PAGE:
DENVER, October 27, 2022 – By soliciting service providers’ feedback on the structure of funding programs, states can attract greater private investment in broadband, argued state broadband officials at the 2022 INCOMPAS show.
States are preparing broadband grant plans for some of the $42.5-billion from the Broadband Equity, Access, and Deployment program, which is administered by the National Telecommunications and Information Administration.
Jade Piros de Carvalho, the Kansas broadband director, said her office uses providers’ feedback on its program plans to ensure the state extends the incentives necessary for providers to enter high-cost areas. “We want to help you help us,” she told the INCOMPAS audience at a Tuesday panel.
Although states are vying against one another for private investments, Joshua Breitbart, senior vice president of New York State’s ConnectALL program, said the different broadband offices can learn from each other. “It’s not a zero-sum game, by any stretch, but we want to understand how we can be effective partners in driving that economic development opportunity that this represents,” Breitbart added.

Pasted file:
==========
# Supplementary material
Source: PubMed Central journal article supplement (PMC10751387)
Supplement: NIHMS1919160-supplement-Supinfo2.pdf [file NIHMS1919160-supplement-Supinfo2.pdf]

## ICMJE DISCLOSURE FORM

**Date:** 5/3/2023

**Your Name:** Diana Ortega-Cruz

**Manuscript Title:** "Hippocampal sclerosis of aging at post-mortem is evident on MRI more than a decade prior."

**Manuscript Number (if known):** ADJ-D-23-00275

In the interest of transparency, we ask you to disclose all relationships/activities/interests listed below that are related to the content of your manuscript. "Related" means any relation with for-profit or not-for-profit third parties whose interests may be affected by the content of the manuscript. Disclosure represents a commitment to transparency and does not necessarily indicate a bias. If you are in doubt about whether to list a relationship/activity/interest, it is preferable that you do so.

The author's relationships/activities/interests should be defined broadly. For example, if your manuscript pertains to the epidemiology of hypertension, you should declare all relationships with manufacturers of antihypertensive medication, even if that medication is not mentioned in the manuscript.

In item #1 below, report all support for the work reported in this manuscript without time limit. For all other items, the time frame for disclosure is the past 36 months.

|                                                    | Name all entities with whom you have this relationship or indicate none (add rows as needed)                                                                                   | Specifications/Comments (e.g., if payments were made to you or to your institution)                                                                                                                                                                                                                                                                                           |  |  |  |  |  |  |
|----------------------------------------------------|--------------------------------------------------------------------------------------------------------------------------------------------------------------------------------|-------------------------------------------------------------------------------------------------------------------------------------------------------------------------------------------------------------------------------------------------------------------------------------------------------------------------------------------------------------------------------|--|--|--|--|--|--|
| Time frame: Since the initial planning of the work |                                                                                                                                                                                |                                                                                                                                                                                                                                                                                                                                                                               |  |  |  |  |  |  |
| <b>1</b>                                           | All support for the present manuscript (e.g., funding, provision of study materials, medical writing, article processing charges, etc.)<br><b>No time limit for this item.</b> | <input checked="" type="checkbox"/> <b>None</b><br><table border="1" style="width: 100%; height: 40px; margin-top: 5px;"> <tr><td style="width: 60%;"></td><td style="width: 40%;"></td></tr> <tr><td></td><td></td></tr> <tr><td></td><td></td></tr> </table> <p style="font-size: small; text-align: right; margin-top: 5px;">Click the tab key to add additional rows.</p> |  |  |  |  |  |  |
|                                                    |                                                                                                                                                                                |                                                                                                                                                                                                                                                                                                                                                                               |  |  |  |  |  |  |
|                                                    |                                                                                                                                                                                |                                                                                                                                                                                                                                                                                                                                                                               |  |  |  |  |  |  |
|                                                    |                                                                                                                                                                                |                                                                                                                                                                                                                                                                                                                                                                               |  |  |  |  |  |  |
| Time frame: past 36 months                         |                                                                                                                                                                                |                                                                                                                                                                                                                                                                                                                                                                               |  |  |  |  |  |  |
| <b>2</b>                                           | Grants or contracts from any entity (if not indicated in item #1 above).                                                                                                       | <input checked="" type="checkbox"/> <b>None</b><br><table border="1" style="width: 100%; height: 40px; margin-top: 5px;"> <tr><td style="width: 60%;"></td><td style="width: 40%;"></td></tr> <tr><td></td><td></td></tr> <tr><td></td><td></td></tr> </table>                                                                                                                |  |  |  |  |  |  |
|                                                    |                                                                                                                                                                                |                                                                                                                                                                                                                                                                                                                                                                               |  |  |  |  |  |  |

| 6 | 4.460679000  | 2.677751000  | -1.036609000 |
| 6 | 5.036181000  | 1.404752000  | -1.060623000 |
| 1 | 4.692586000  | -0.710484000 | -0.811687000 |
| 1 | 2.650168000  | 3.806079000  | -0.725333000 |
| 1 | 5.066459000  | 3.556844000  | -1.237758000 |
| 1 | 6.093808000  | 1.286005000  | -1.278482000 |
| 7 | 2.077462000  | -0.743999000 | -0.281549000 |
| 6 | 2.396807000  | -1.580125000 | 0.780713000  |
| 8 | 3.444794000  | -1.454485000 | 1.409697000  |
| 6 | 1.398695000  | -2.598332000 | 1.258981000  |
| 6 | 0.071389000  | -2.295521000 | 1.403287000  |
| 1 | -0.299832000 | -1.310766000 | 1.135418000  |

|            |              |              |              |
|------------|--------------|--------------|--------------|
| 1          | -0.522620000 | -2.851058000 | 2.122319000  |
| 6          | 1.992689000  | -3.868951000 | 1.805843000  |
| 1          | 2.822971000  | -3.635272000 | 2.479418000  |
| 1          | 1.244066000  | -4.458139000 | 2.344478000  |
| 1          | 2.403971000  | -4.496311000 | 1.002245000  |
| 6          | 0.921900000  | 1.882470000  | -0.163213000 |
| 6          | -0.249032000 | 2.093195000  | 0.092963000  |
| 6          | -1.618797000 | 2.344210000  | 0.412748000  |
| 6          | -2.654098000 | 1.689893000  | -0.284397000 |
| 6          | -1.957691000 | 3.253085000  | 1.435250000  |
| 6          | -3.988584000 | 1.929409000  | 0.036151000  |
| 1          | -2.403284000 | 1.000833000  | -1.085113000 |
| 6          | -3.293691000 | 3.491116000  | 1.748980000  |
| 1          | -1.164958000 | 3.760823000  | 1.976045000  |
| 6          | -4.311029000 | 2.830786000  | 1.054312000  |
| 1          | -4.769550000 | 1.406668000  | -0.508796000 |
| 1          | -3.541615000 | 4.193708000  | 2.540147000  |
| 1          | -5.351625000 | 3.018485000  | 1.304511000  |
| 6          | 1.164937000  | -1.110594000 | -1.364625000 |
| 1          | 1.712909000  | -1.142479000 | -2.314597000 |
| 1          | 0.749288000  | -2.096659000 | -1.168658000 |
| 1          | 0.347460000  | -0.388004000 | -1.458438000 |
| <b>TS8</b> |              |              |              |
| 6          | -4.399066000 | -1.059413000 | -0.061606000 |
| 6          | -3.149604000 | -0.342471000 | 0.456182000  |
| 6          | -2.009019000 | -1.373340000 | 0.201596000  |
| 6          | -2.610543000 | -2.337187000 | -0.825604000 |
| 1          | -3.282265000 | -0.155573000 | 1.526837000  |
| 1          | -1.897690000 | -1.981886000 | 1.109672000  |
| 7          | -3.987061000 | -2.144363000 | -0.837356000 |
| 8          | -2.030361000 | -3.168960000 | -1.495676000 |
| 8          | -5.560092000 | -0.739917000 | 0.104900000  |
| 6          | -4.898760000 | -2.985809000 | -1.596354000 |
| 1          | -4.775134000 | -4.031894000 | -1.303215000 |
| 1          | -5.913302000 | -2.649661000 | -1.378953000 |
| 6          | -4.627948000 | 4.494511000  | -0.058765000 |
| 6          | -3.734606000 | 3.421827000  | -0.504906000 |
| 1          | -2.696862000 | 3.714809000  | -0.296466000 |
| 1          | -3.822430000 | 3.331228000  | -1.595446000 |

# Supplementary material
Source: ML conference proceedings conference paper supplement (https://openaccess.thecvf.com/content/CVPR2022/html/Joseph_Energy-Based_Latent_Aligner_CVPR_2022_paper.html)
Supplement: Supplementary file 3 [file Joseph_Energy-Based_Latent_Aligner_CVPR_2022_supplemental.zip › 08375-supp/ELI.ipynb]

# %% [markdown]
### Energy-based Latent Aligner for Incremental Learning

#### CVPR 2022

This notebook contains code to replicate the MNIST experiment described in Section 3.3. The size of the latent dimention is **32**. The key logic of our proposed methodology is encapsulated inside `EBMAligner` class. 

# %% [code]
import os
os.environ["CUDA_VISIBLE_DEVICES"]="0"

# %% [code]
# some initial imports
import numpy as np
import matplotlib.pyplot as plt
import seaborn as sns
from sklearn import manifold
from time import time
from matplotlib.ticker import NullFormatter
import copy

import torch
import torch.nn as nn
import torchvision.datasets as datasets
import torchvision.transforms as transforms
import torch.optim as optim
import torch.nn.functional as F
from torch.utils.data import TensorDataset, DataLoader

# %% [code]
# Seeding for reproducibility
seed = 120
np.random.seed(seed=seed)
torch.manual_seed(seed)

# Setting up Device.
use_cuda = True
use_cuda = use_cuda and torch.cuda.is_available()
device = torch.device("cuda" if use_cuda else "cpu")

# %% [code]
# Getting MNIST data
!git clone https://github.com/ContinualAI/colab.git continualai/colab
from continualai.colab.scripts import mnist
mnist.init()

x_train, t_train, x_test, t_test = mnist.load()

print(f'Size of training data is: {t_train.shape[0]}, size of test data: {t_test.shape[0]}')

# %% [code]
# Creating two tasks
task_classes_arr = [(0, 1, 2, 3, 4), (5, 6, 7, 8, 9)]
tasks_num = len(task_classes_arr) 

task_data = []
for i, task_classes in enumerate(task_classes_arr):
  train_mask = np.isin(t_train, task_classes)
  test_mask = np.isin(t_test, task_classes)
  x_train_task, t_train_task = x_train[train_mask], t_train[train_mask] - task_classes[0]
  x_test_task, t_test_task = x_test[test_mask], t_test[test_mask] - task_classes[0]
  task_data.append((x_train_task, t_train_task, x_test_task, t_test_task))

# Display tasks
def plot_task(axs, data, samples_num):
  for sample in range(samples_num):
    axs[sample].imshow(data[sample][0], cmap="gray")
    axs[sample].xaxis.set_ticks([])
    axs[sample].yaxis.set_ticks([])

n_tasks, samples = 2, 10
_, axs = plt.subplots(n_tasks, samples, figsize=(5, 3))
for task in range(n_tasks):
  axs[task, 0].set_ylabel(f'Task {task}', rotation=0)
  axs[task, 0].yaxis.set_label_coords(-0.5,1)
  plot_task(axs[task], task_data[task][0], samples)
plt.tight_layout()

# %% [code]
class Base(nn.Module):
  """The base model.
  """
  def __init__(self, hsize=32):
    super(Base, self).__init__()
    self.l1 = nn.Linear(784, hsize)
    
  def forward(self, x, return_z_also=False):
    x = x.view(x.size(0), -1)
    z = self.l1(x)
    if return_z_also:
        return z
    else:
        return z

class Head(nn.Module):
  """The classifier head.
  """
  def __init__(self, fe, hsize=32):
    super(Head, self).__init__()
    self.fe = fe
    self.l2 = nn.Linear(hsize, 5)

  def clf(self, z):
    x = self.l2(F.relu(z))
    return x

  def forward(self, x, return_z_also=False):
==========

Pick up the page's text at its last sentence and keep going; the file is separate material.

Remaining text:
And how can states design programs that optimize funding and attract providers? “Competition [in the broadband market] is going to drive down prices, it’s going to increase service speeds and increase customer service,” Piros de Carvalho argued. She said while Kansas won’t have the funds to “bring multiple providers to every region,” her team tries to “encourage new entrants into markets that have been ignored or are only being served by satellite or DSL.”
Kansas also prioritizes sub-grantees who commit to an open access network model, which sees multiple service providers using the same fiber line, Piros de Carvalho said.
To prevent providers from taking public funds only to leave local communities in the lurch, Piros de Carvalho said Kansas prioritizes would-be grantees who partner with local communities.
“We’re really encouraging…providers who work directly with the communities they want to serve to go into those areas, talk to the people, get letters of support, create the plans together with the community, instead of just swoop in from outside to gather up grant money,” she explained.